Drug companies have a legal obligation to warn doctors and patients about the serious side effects of their drugs. Both doctors and patients rely on these disclosures to make informed health decisions and avoid serious health complications. However, drug companies often try to avoid disclosing the dangers of their drugs because it makes them seem unsafe and could threaten sales.
The lawsuits against GlaxoSmithKline claim that the pharmaceutical company knew about the dangers that Zofran posed to pregnant women and unborn babies, but failed to warn anyone about the risks. The lawsuits claim that GlaxoSmithKline marketed Zofran to pregnant women by urging doctors to prescribe it to them, even though there were no scientific studies that showed it was safe.
Because so many people across the U.S. have been hurt by Zofran, and because they were all hurt by a single course of conduct – GlaxoSmithKline’s failure to warn about the dangers of the drug – Zofran birth defects are a classic example of a mass tort. Like many mass torts, courts have consolidated the hundreds of cases involving Zofron’s birth defects into one federal district court through the process of multidistrict litigation (MDL). Multidistrict litigation streamlines the process by allowing the lawsuits to collectively go through pretrial procedures like the discovery of evidence, preliminary motions, and depositions.
The MDL involving birth defects associated with Zofran is being heard by the District Court of Massachusetts.6 As of April 15, 2019, there were 460 lawsuits consolidated in that MDL.7
Lawsuits seeking to hold GlaxoSmithKline accountable for birth injuries caused by generic versions of Zofran have been getting dismissed from the MDL.8 However, cases filed by victims who suffered from Zofran, itself, have survived the summary judgment stage.9
Bellwether trials are currently being scheduled for a select group of cases in the MDL.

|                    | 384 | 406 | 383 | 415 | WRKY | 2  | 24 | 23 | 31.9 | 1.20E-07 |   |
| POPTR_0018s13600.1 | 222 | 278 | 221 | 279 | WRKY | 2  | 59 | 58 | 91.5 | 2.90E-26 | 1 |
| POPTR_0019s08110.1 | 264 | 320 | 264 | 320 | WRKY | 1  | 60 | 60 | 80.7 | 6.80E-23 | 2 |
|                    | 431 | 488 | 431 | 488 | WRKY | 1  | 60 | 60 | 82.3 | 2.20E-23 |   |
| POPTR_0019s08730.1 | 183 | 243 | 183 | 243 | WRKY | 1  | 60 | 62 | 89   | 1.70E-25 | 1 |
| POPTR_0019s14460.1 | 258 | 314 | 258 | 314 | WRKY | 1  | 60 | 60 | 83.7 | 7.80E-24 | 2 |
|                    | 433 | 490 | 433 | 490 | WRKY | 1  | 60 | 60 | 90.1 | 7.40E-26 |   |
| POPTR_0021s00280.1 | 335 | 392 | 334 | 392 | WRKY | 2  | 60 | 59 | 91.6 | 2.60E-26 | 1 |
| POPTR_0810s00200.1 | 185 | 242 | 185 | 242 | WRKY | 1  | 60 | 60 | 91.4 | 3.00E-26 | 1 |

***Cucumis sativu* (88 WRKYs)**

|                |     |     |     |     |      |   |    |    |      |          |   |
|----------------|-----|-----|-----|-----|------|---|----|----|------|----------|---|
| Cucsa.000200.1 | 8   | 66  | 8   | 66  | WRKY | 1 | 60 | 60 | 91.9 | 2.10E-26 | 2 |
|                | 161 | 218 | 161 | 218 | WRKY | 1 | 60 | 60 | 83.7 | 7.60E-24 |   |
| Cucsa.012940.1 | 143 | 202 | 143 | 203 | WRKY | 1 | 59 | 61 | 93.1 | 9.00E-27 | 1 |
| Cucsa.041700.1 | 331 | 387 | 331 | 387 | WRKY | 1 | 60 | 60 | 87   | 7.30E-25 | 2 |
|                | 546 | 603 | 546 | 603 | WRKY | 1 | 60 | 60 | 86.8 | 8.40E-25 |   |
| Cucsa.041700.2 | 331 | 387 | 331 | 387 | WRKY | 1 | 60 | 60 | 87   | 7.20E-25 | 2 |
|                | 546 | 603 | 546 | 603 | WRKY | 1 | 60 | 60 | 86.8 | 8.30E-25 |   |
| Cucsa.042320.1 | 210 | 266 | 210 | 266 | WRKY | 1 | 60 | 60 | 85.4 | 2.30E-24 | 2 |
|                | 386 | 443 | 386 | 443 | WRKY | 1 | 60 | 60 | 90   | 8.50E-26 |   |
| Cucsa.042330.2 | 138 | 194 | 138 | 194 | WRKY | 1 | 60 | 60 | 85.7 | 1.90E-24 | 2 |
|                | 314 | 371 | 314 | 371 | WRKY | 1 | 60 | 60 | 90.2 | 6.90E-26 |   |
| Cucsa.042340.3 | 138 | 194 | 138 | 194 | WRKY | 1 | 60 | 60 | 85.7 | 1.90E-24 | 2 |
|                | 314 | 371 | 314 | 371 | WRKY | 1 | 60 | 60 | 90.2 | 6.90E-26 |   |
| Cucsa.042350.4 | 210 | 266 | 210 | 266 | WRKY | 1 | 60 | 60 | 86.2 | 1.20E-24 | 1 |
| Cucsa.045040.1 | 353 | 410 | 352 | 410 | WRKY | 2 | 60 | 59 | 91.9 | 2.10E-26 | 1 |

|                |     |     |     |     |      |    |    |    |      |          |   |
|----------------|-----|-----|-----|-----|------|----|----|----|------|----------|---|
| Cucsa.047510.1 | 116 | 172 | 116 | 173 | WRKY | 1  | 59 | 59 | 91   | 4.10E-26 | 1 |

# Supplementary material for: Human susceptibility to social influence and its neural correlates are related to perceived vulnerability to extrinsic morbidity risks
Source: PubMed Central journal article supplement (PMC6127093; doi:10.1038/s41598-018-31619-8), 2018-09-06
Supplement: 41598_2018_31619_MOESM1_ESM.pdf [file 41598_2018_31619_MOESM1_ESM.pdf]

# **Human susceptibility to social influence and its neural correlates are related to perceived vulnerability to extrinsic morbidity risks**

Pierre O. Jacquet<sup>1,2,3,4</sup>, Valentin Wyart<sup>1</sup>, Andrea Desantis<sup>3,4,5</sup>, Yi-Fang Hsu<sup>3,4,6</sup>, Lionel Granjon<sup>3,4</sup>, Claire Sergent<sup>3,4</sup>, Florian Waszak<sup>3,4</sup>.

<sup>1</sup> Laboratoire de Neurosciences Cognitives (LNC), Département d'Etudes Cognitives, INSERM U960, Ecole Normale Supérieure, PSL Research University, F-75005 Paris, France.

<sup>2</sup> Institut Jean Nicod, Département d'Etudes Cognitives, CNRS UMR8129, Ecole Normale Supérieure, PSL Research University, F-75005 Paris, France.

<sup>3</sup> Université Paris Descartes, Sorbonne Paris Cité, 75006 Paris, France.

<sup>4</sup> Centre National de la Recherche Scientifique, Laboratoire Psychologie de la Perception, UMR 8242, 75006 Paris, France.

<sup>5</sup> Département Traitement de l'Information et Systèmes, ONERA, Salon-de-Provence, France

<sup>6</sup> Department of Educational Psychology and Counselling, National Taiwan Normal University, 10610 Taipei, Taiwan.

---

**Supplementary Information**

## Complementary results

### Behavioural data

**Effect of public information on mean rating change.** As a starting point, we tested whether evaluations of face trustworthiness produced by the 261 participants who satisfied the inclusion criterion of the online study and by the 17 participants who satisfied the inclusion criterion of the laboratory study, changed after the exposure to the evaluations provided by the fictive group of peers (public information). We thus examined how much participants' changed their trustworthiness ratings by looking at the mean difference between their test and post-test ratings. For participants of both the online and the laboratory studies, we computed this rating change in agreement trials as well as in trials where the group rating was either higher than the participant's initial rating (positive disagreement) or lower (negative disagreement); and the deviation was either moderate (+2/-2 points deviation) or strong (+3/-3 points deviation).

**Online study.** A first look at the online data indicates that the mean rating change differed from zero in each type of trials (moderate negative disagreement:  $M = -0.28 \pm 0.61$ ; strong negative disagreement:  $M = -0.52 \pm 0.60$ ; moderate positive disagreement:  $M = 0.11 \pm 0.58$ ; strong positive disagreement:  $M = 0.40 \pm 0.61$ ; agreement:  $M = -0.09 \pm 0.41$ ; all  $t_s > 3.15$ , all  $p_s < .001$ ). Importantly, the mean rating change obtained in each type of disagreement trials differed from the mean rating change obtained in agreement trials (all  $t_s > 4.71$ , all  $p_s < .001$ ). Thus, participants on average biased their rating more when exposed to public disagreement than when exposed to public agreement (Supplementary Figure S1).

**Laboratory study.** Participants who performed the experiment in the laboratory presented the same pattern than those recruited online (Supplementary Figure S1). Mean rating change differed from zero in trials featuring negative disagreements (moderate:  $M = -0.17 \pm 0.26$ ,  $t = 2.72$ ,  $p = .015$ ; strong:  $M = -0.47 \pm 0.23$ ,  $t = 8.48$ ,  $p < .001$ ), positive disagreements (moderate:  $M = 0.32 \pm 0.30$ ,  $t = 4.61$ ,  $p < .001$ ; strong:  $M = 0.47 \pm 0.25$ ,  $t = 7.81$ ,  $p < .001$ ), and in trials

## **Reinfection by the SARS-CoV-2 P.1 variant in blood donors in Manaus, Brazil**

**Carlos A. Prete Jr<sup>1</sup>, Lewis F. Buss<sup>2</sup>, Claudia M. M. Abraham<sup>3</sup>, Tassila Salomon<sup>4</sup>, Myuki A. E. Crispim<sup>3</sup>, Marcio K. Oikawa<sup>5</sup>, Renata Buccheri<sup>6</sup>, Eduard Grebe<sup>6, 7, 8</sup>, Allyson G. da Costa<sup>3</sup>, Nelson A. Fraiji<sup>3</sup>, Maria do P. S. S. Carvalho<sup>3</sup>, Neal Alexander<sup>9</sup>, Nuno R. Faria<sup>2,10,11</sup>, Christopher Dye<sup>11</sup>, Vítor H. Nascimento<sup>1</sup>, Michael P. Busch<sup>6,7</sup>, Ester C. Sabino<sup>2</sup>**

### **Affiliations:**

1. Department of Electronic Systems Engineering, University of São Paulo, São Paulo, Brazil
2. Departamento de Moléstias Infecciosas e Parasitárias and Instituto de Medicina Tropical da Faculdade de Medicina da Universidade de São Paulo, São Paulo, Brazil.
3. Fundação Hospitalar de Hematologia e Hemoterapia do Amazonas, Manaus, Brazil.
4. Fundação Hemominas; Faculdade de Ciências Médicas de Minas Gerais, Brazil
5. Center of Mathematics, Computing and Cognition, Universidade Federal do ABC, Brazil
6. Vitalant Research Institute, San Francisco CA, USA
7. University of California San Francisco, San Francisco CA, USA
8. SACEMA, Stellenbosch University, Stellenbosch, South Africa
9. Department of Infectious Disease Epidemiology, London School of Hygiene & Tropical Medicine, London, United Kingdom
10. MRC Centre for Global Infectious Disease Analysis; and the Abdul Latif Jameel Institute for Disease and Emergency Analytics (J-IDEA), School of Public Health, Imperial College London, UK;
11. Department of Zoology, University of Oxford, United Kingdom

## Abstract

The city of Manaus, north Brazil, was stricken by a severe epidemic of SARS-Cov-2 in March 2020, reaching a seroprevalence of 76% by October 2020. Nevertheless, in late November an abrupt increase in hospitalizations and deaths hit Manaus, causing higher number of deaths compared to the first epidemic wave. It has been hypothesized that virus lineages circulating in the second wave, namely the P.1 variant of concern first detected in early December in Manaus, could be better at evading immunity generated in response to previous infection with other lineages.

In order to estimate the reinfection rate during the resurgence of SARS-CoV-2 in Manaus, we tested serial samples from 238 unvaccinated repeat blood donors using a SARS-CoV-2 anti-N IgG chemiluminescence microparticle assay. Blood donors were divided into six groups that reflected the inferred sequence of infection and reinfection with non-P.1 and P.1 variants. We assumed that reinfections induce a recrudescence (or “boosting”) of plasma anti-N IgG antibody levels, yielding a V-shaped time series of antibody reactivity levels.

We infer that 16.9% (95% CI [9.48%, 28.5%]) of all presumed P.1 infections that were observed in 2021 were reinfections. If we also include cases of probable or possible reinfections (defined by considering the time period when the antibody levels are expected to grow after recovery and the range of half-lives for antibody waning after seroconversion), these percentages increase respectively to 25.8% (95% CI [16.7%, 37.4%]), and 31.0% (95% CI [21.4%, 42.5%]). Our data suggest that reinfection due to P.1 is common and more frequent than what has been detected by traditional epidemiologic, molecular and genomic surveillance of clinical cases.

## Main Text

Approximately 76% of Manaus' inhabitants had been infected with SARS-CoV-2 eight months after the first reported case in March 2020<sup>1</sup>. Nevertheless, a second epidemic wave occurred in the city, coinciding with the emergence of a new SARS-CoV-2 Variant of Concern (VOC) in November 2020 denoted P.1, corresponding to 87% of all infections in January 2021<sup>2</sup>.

4. Compensation for victims of Zofran
Victims who have suffered from Zofran have been seeking compensatory damages as well as punitive damages in their lawsuits against GlaxoSmithKline.
Compensatory damages aim to compensate victims for all of the losses and setbacks they have endured because of Zofran. These include:
- Medical expenses incurred to treat and correct the birth defect, including the costs of corrective surgeries and speech therapy for children born with a cleft palette,
- Anticipated future medical expenses, including the ongoing care that children born with congenital heart defects need,
- A child’s diminished capacity for professional success, due to their medical condition,
- Wages that a parent has lost while caring for their child’s condition,
- Physical pain, and
- Mental suffering and loss of life’s enjoyments.
Additionally, Zofran lawsuits have pursued punitive damages, as well. Punitive damages are meant to punish the defendant – in this case, GlaxoSmithKline – for egregious conduct that needlessly put victims in harm’s way.
5. What to do if you think you have been hurt by Zofran
If you or your child was born with a congenital heart defect or cleft palette, and you or your mother was taking Zoloft while she was pregnant, you may be entitled to compensation for your medical condition.
Because birth defects involve newborn children, most states “toll,” or delay, their statutes of limitations until the child turns 18 years old. This allows the child to pursue their legal rights to compensation, even if their parents refused to do so.
- See FDA Approval Letter (January 27, 1999) (approving the use of Zofran in pill form).
- Department of Justice, “GlaxoSmithKline to Plead Guilty and Pay $3 Billion to Resolve Fraud Allegations and Failure to Report Safety Data,” (July 2, 2012).
- Anderka M, Mitchell AA, Louik C, Werler MM, Hernández-Diaz S, Rasmussen SA, “Medications used to treat nausea and vomiting of pregnancy and the risk of selected birth defects,” Birth Defects Research 94(1):22-30 (January 2012).
- Pasternak B, Svanström H, Hviid A, “Ondansetron in Pregnancy and Risk of Adverse Fetal Outcomes,” New England Journal of Medicine 368:814-23 (January 28, 2013); Danielsson B, Wikner BN, Källén B, “Use of ondansetron during pregnancy and congenital malformations in the infant,” Reproductive Toxicology 50:134-7 (December 2014).
- In re: Zofran (Ondansetron) Products Liability Litigation, MDL No. 2657.
- MDL Statistics Report – Distribution of Pending MDL Dockets by District (April 15, 2019).
- In re: Zofran (Ondansetron) Products Liability Litigation, MDL No. 2657 (D. Mass. 2018) (order on defendant’s motion for judgment on the pleadings).
- In re: Zofran (Ondansetron) Products Liability Litigation, (order on defendant’s motion for summary judgment based on federal preemption).